Enabling TechnologyMulti-process HRSourcing

Seven Keys to HRO Adoption

Addressing process clarity, managing change, and unraveling technological difficulties will go a long way toward a successful HRO implementation. Be ready for the unanticipated bumps in the road.

by Neil McEwen

In a previous issue of HRO Today I wrote about getting to a successful deal, but arriving at the point where the ink is drying on the contract is, as Churchill said, only “the end of the beginning, not the beginning of the end.” It is now that the real hard work starts.

Designing and managing the transition of HR activities to the outsource provider is key to long-term success and overall customer/user satisfaction. It is where the fine sentiments expressed in the contract negotiations become reality.

Regardless of the quality of the due diligence in the contractual phase, HRO providers only really get to understand what they are talking about when they have to work with the client to plan and manage the transition of activities into providers’ service centers. However, it is essential to get the transition right because the errors and omissions made in these initial stages will result in negative perceptions of the service and provide ammunition for the doubters. Experience shows that early problems color the future relationship and can ultimately unravel the contract. So what has to happen for transition to be successful?

KEY SUCCESS FACTORS
There are seven key success factors that must be tackled for clients and providers to manage a successful transition. They include:

• Service Level Design and Implementation.
Service levels will be defined in the contractual stage, but it is vital in the transition phase to go behind the service levels and define/agree on the operating level agreements (OLAs) that the client has to deliver to facilitate the achievement of agreed service levels. Additionally, service levels in transition will be different from service levels to be achieved during the steady state, and this factor needs to be reflected in the transition process.

• Process Clarity.
Clients and providers usually underestimate the time it takes to “corral” and transfer knowledge, manage intellectual property, simplify processes, and write new process standards manuals. Accuracy and effective translation into common, simple forms are critical both to the implementation of common process standards and to facilitate employee and manager self-service.

• Technology Management. In any transition risk plan, technology issues will form at least 60 percent of the risks that are logged. Technology risks usually occur in the detail of transition. They are more than just the transfer of legacy systems into a common HRIT platform and the introduction of common tools.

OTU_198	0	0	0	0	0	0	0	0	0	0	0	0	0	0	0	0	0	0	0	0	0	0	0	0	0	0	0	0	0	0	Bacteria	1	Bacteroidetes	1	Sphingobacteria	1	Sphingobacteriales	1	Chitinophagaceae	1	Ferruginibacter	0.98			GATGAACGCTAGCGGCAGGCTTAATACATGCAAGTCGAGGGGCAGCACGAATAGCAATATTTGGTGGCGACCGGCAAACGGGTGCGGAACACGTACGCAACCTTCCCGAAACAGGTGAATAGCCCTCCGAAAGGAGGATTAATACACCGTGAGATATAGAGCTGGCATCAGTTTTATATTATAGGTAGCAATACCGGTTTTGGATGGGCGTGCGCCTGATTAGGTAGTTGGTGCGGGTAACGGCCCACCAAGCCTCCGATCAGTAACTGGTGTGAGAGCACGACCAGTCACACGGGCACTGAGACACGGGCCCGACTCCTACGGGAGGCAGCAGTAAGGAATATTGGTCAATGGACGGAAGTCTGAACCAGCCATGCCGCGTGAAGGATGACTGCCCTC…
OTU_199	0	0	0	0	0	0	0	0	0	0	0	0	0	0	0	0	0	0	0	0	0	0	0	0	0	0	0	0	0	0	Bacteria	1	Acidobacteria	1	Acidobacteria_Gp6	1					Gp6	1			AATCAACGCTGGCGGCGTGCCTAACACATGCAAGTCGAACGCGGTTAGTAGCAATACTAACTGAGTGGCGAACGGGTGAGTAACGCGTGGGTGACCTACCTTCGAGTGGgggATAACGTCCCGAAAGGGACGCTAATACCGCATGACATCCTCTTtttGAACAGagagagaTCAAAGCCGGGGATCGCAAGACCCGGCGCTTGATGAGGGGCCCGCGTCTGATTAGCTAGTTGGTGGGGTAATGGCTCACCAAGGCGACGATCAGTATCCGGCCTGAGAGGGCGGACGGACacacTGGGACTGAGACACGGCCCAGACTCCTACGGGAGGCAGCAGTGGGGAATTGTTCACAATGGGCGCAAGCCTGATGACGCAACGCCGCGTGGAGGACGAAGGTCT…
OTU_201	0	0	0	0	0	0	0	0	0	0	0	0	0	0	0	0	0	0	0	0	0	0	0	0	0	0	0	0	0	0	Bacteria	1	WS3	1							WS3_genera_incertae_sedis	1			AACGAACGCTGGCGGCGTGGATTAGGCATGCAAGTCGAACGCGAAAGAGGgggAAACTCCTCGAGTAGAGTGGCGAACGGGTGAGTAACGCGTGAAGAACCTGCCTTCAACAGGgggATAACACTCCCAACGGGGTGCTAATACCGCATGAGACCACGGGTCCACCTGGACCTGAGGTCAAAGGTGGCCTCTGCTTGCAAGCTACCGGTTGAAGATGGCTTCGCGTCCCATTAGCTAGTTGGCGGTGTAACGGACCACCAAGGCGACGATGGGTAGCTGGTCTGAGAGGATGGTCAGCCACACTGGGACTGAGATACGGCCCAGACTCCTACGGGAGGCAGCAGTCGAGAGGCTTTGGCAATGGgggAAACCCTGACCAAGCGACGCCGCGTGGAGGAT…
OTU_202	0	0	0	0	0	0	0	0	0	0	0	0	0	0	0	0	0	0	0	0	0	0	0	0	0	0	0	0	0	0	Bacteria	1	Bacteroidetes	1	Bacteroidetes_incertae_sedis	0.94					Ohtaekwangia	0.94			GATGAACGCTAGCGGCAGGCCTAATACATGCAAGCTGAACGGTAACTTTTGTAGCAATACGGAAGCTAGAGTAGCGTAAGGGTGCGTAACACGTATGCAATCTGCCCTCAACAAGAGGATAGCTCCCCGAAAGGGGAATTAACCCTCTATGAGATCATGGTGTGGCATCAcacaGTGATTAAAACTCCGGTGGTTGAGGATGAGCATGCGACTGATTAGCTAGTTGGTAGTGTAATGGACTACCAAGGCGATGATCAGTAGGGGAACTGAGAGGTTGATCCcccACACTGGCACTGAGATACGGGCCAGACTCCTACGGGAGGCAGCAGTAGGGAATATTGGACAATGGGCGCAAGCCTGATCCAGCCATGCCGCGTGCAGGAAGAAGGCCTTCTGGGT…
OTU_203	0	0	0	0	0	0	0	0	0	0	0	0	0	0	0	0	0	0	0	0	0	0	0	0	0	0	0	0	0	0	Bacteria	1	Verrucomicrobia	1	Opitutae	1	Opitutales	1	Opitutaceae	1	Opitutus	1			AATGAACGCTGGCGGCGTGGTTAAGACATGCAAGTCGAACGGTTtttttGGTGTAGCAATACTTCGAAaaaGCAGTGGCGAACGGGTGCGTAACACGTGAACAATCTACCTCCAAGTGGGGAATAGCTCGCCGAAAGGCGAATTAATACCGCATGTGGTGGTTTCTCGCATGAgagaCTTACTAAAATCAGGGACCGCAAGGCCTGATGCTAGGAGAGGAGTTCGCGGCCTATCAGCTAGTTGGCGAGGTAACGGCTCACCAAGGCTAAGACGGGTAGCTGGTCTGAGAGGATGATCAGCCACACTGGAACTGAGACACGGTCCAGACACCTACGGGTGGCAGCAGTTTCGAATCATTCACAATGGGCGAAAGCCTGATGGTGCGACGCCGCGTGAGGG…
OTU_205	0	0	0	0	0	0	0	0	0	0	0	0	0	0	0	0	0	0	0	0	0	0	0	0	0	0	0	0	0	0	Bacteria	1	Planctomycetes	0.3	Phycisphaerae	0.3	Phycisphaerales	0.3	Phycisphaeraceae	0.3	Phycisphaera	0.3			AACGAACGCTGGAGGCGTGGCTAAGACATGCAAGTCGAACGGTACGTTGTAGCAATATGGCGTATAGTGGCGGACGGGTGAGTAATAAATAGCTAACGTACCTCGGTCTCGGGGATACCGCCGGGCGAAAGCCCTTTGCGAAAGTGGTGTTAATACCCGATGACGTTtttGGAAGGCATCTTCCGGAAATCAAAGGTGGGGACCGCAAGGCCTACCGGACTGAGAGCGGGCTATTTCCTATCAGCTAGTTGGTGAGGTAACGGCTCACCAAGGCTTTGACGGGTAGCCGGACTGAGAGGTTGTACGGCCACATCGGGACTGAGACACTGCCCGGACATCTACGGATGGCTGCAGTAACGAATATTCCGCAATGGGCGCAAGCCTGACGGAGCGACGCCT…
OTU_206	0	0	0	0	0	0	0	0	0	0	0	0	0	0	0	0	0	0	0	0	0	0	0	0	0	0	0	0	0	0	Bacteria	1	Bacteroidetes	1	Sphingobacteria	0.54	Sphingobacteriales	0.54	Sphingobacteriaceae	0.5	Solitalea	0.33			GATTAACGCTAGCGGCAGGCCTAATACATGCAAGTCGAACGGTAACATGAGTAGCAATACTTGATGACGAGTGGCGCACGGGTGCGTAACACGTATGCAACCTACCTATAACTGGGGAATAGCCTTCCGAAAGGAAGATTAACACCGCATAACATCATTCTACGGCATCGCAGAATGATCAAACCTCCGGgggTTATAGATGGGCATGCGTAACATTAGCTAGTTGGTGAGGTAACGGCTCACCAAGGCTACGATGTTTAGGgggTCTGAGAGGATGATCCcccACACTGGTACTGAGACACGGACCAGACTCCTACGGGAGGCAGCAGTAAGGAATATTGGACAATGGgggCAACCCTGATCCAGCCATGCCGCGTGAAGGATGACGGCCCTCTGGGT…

• Managing People Issues. For the HR function, the transfer of activities to an outsource provider and the loss of jobs is always traumatic. Best practice is always to communicate, to ensure that key personnel are protected, and to ensure the provider acts as a good employers. This is particularly so in the U.K. and Europe, where the outsourcing practice is governed by EU regulations and where significant fines exist for non-compliance. However, transition activity must not ignore the customer’s need to be informed about what is happening and the benefits of change.

• Effective Governance. From experience, most organizations underestimate the importance of governance in building and sustaining an effective outsourcing relationship. Good governance needs to be conducted at a high level through a service management organization (SMO), which acts as the interface between the customer and the provider. The amount of management attention needed during the transition phase is extremely high.

• Asset Transfer. As the HRO market matures and providers have established a network of global centers, asset transfer is less an issue than in the early days of the market. However the legal and fiscal impact of the transfer of physical assets can be a significant impediment to an effective transition.

•  Implementation. In the end, success depends on the ability of the client and provider to manage implementation. The key to that success is the ability to balance the speed and scale of change, and the requirement to deliver a business case, with the need to safeguard business as usual and manage changes. Clients and providers must ensure that the transition process is led by highly capable senior managers with real program management expertise.

There is no such thing as a smooth and uneventful HR outsourcing transition process. The unpredictable will always occur, and crises will crop up at regular intervals. However, the ability to plan for issues, to take into account the seven success factors, and to drive forward with excellent program management will help clients and providers to even out the bumps and reach a mutually beneficial steady state.

Tags: Enabling Technology, Multi-process HR, Sourcing

Related Articles

Menu